“Equality” I was blessed with the good fortune of having been born as a Jew in the United States of America. I have often reflected upon the meaning of that good fortune. I was born just months after the outbreak of World War II and have often been haunted by the fact that my young […]
Imagine standing at a crossroads. We have all been there. We have all experienced moments in our life’s journey when we had to make a crucial choice and decide whether to proceed along one road or along another. (Except for Yogi Berra, of course, who famously said, "When you come to a fork in the road, take it.")
It was a lesson I learned long ago, when I was a high school classroom teacher. I was new at this line of work, and found that my greatest challenge was to find ways to motivate the students. I tried various approaches, which all were basically attempts to motivate by giving. I tried giving special prizes and awards, granting extra privileges, and even resorting to outright bribery in order to get the students to pay attention, do their homework, and learn the subject matter.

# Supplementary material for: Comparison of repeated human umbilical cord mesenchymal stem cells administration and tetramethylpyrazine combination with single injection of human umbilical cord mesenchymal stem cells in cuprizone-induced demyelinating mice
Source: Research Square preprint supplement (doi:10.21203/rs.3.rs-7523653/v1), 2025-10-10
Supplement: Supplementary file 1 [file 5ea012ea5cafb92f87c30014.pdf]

My first exposure to the study of the Bible was in the Yiddish language. We spoke only English at home, but almost all the teachers we had in the yeshiva I attended were Holocaust survivors who had escaped to the safety of these shores only a few years prior.
It is an old word, and it describes a behavior that has been around since the very beginning of history. Yet the word seems to me to be used more and more frequently these days, and the behavior it describes has gotten out of control.
Although many of his adherents deny it, he definitely had an anti-Semitic streak and was at least, for a time, sympathetic to the Nazi cause. Yet he was one of the major psychological theorists of the 20th century, and I personally have found his insights into the human mind both fascinating and practical.
Parshat Acharei Mot-Kedoshim May 5, 2012 To read more articles and essays by Rabbi Weinreb, visit his blog at www.ou.org/rabbi_weinreb. (Rabbi Tzvi Hersh Weinreb is the Executive Vice President Emeritus of the Orthodox Union) “The Knave” It was a year when the holidays fell on the same days of the week as they do this […]
For several years now, I have been taking a train to work every day. Not a subway train, mind you, but an old-fashioned inter-city railroad train, complete with a conductor who collects the passengers' tickets and even shouts, "All aboard!"